We Can't Wait Much Longer To Fix Congress

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Sunday, December 11, 2005
I am an unabashed fan of Congress. It is, to my mind, the American institution that most wholly represents our democracy and guards our freedoms. It is our most representative governmental body, the place where the myriad currents of American society meet and come to terms with one another. Without it, there is no way for our nation to guarantee freedom, ensure that the passions of the moment are cooled in deliberate debate, or check the power of the President. 

So I am distressed to say that at the moment, I am not a fan of how Congress often operates, or fails to operate. 

This is not a partisan comment. Some of Congress' problems have been building for decades, including years during which I served as a member of the Democratic majority. 

However, there are now so many serious issues that have been allowed to spiral out of control, and so many problems going unresolved, that Congress, as an institution, is in deep trouble. Too often it shirks its constitutional role and appears incapable of doing the work that the American people depend on it to do. 

There are numerous ways in which I believe Congress has fallen short of its responsibilities: 

First, the budget is out of control. The budget is the operating blueprint of our government, but except for a brief time in the 1990s, Congress has been unwilling for some time to exert any meaningful control over it. This is in part because the budget process is broken, and in part because Congress has been unable to rein in spending, tax cuts, or special-interest tax breaks and subsidies. 

Second, Congress is too responsive to narrow special interests. The tax breaks, regulatory waivers, and subsidies that it hands out have not only contributed to our nation's alarming budget deficits, they also have made it appear that Congress simply rewards big-time contributors and powerful friends. 

Third, Congress has refused to deal effectively with flaws in our electoral system. I'm not just talking here about the need for campaign finance reforms or the decline in competitive elections. We have for decades had a fragile elections process in this country. Lists of registered voters are poorly maintained, registration rules are often convoluted, elections administration is mostly in the hands of partisan office-holders — these problems and more need to be addressed nationally to restore public faith in the underpinning of our democracy. 

Fourth, Congress is exceptionally polarized. Pretty much every member of Congress complains these days about the poisonous atmosphere on Capitol Hill. It is not just the moderate center that has atrophied, but also the courtesy and civility that are crucial to productive political discourse. 

Fifth, fairness in the legislative process has broken down. A majority-rule-at-all-costs mentality, especially in the House, has stifled discussion, undercut careful deliberation, and worst of all, put an end to the consensus-building that ought to be a congressional hallmark.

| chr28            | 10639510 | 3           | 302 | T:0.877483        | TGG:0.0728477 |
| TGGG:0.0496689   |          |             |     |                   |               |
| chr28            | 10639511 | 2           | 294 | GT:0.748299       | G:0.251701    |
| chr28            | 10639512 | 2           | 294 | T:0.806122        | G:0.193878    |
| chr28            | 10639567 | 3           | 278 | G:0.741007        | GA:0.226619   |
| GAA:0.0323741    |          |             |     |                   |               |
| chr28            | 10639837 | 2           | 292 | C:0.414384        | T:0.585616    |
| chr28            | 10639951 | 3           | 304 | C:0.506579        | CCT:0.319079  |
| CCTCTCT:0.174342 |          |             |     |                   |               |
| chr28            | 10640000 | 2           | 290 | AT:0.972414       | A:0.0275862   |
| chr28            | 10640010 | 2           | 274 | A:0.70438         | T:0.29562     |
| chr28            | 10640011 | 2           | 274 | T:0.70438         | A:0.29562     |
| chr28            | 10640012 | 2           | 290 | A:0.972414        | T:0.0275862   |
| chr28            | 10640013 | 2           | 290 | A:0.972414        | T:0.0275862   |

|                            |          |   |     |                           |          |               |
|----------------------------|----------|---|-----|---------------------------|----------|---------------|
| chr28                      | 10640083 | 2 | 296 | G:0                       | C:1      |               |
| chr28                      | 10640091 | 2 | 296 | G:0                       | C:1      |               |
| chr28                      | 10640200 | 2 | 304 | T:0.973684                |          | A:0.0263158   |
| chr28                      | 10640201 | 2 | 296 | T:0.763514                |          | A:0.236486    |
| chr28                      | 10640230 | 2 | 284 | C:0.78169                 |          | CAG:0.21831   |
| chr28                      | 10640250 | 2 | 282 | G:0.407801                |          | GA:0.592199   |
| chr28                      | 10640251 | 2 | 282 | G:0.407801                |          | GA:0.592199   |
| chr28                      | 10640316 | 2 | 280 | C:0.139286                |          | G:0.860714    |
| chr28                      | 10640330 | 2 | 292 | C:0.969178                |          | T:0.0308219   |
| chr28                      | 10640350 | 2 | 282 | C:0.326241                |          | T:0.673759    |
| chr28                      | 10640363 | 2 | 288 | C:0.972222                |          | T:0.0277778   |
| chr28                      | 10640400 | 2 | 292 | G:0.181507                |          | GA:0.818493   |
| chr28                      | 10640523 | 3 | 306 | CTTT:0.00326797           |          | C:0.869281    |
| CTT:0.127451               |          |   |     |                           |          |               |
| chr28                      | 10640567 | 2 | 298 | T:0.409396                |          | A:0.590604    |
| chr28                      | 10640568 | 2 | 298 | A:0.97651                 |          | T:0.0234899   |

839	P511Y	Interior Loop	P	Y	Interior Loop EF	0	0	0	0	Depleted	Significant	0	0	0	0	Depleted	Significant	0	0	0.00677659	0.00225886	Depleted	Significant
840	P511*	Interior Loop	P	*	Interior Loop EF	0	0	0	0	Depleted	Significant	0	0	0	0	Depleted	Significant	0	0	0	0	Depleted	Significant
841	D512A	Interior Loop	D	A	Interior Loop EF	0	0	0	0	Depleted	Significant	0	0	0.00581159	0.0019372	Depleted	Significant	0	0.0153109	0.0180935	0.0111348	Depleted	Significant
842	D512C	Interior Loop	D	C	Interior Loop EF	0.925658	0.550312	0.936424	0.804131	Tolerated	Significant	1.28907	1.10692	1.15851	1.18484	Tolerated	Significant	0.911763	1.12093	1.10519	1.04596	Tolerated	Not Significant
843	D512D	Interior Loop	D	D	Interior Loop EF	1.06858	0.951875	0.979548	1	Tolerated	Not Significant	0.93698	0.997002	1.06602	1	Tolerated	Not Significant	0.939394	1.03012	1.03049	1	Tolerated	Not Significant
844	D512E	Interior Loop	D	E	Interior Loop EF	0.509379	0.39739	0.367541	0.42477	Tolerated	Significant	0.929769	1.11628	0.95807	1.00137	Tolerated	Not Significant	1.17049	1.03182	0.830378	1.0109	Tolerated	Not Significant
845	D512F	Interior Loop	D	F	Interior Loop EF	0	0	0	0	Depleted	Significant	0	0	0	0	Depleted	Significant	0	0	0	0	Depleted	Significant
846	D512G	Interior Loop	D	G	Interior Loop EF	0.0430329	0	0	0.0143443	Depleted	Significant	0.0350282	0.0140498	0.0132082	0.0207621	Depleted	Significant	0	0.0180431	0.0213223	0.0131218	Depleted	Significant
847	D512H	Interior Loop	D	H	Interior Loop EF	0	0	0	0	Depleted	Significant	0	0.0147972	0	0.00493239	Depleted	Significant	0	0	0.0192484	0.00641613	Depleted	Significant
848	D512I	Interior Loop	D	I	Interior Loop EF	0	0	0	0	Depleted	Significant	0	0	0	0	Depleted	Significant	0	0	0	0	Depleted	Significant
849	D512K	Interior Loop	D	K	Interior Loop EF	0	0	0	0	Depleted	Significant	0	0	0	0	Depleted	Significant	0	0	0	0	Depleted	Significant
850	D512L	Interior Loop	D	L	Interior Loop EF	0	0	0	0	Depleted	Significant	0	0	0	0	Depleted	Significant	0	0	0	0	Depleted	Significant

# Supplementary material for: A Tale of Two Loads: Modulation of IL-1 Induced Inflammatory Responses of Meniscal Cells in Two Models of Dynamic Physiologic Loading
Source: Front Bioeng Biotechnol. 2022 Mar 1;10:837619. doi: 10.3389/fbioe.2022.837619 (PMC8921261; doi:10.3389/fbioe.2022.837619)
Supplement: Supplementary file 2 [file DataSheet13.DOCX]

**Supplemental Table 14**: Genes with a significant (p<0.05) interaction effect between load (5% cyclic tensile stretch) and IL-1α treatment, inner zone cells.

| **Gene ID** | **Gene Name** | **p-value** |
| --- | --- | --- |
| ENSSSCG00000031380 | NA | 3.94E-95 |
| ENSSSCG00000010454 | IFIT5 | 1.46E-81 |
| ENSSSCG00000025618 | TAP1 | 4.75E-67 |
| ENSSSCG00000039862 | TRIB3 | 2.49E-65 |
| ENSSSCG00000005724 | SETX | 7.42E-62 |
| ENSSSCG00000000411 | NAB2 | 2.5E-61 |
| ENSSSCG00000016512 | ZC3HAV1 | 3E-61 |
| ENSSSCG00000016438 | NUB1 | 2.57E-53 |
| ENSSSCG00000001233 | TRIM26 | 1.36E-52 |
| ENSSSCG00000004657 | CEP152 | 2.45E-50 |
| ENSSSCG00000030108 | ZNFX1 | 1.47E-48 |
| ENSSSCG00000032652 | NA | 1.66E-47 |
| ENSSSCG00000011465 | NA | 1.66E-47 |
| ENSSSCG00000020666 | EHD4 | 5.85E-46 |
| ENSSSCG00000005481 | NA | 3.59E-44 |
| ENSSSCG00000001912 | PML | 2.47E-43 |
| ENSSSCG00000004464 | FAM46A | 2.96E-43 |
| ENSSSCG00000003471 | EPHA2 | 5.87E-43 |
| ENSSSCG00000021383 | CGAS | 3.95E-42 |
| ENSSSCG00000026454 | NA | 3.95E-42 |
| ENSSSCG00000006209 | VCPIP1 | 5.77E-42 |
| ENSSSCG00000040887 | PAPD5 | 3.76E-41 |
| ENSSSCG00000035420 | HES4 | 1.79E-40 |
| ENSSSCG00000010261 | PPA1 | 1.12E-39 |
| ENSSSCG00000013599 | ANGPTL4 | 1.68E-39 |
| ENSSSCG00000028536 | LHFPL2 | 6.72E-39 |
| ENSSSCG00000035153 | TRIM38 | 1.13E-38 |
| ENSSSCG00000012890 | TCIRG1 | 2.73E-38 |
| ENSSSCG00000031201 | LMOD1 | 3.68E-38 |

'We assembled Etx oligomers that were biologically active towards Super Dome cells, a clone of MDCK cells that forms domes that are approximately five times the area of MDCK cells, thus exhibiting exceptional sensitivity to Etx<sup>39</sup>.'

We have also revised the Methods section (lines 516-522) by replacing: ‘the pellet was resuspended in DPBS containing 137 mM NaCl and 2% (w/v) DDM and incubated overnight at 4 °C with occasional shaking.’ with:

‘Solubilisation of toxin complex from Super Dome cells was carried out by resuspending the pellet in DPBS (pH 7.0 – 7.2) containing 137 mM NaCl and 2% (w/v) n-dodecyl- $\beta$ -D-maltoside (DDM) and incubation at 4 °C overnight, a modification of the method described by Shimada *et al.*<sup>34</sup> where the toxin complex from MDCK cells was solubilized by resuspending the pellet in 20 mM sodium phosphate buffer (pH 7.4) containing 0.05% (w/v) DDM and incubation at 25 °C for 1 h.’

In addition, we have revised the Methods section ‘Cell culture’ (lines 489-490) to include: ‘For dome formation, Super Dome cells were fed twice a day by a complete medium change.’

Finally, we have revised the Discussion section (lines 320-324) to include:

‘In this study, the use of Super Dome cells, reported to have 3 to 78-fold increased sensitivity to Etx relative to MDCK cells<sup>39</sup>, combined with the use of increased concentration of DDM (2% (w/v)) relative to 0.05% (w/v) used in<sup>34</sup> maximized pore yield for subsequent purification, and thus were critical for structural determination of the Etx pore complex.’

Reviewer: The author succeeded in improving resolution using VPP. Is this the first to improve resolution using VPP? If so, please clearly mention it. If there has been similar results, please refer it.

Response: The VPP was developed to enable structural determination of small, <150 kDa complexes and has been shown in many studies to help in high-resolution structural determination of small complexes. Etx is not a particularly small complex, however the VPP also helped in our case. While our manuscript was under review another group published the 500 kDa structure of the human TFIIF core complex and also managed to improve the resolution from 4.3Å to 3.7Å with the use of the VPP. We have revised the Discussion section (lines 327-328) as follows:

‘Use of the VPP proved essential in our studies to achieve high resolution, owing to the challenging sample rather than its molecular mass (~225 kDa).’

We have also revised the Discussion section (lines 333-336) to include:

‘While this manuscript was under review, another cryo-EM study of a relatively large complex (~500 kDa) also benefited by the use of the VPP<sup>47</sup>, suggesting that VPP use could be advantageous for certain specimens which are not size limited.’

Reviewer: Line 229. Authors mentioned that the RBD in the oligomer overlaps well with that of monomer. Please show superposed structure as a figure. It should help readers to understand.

Sixth, Congress has refused to look seriously at reforming itself. We no longer have a Congress that is shaped to deal effectively with current challenges. Its committee structure is outdated, its processes do not reflect the nation's diversity, its ability to oversee executive-branch operations in a dangerous and complex world is limited. Yet Congress cannot overcome its own turf battles and bring itself into the 21st century. 

Seventh, Congress doesn't work enough at its true job. Members of Congress spend too much of their week campaigning, and not enough of it doing the hard work of governing. Building a consensus behind an approach to a national problem is tough; it takes negotiation, extended discussion, and hard study. This is impossible to do when you spend three days on Capitol Hill and then rush home for an extended weekend of appearances. 

Finally, Congress has ceded its war powers to the President. The Founders explicitly gave the powers to declare and fund war to Congress. Yet Congress in recent years has rolled over and refused to take a hard look at the executive branch's war rationale and execution or plans for an end-game. Congress has failed to act as a separate and independent body, and to provide essential oversight during times of great need. 

All of this has hurt Congress, to the point where people who care about it now openly debate whether it can pull out of its alarming tailspin. 

So what should our response be to these shortcomings? Should we just give up on the institution? Become cynical and alienated? Throw our hands up and ask, "What's the use?" No, just the opposite. We need to become more engaged, more involved, more insistent that Congress measure up to its constitutional responsibilities. 

Congress is at heart a resilient, self-correcting institution that is responsive to the clearly expressed will of the people. I know it can do better, and if prodded enough, it will. As citizens, we always have a responsibility to become involved in the work of Congress, but never more so than when we think it has gotten off track. 

(Lee Hamilton is Director of the Center on Congress at Indiana University. He was a member of the U.S. House of Representatives for 34 years.)